I’m all for satire, especially on social media. But when traditional media get involved, they must set some boundaries. That’s what didn’t happen when Esquire published an article by a Jeff Jarvis impersonator.
First, here are the facts about what happened.
- Jeff Jarvis is a media critic, author, blogger, and professor at the CUNY Graduate School of Journalism.
- “@ProfJeffJarvis” is a satire Twitter account, apparently run by a guy named Rurik Bradbury.
- Esquire published a satirical article, bylined by “Prof. Jeff Jarvis,” that lampooned Jim VandeHei’s op-ed in the Wall Street Journal calling for a third political party. At the very bottom of the article (shown above) is the description of the author, which is pretty murky.
- Jeff Jarvis protested and used contacts he had at Esquire’s parent company Hearst to get the article taken down. He wrote about his experience on Medium. (If you’re curious, it’s still archived here.)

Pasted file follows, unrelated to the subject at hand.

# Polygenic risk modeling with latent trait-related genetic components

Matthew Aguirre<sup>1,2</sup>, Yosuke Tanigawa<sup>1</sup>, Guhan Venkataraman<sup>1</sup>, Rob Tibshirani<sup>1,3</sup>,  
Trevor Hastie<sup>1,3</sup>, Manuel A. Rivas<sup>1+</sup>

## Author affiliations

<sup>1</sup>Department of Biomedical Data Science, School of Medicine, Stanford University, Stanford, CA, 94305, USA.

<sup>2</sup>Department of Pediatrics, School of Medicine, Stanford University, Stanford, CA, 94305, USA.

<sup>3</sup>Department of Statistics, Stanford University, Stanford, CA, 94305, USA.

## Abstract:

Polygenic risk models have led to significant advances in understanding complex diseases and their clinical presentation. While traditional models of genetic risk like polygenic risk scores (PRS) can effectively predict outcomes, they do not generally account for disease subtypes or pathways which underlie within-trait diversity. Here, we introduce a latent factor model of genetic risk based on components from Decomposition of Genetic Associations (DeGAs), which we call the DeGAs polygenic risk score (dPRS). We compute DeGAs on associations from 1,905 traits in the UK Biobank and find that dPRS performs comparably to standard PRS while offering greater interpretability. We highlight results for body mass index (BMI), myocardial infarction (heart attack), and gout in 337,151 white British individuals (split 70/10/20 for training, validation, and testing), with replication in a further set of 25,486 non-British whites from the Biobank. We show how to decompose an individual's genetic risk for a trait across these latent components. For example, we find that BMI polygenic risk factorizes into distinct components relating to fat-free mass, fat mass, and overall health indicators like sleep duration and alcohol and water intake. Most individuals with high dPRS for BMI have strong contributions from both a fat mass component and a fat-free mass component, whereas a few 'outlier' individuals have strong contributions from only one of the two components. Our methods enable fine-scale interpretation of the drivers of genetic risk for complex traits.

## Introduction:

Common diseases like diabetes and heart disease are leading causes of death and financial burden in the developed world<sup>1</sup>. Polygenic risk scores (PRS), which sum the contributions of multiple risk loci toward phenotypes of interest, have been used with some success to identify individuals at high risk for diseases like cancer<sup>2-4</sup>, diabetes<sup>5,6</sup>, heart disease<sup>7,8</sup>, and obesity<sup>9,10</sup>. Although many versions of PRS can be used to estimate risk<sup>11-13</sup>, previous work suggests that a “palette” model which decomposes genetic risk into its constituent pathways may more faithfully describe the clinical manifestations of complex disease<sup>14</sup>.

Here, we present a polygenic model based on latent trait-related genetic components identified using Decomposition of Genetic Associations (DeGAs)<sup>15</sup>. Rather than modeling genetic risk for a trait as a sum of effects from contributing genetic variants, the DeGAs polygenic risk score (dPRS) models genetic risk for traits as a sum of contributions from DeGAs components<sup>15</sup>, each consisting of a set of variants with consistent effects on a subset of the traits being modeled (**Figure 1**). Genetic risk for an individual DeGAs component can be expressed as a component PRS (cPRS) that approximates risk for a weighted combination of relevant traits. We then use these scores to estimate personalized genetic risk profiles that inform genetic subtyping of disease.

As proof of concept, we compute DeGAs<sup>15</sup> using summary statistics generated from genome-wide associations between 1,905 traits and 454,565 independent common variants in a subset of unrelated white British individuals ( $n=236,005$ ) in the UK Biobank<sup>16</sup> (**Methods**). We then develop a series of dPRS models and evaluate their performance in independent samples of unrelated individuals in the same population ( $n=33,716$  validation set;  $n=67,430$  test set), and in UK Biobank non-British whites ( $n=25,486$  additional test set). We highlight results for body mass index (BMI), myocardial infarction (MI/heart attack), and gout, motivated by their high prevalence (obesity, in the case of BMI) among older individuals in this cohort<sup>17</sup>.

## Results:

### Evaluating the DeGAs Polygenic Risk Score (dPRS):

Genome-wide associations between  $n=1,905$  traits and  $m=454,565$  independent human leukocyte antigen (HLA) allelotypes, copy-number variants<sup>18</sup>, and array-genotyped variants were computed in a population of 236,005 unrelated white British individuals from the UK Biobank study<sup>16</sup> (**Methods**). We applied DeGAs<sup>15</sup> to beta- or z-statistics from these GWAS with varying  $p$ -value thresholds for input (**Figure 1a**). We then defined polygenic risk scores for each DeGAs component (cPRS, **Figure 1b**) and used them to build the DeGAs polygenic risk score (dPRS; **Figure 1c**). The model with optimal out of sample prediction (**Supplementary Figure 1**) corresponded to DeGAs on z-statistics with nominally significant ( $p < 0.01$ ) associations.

In this saga, my sympathies lie with Jeff Jarvis. But satirists have a right to publish satire, and publishers have a right to publish it. Where did things go wrong?
I’m fine with clearly labelled fake social media accounts (although @ProfJeffJarvis isn’t labelled particularly clearly). And I’m fine with satire in mainstream publications, although it needs to be tagged as such. I’m peeved at fake sites like nbc.com.co which skirt the edge of pretending to be actual media sites, but they have a right to exist.
But when you read an article on a traditional media site like Esquire, satire or not, it needs an actual byline. Made up individuals don’t get to write there. They’ve got the whole rest of the Web to play with.
Once a news outlet loses its credibility, it’s got nothing left. Given the current state of media, that’s a dangerous choice.
Correction: This article originally stated that Jeff Jarvis was at the Columbia School of Journalism. His professorship is at the City University of New York, not Columbia.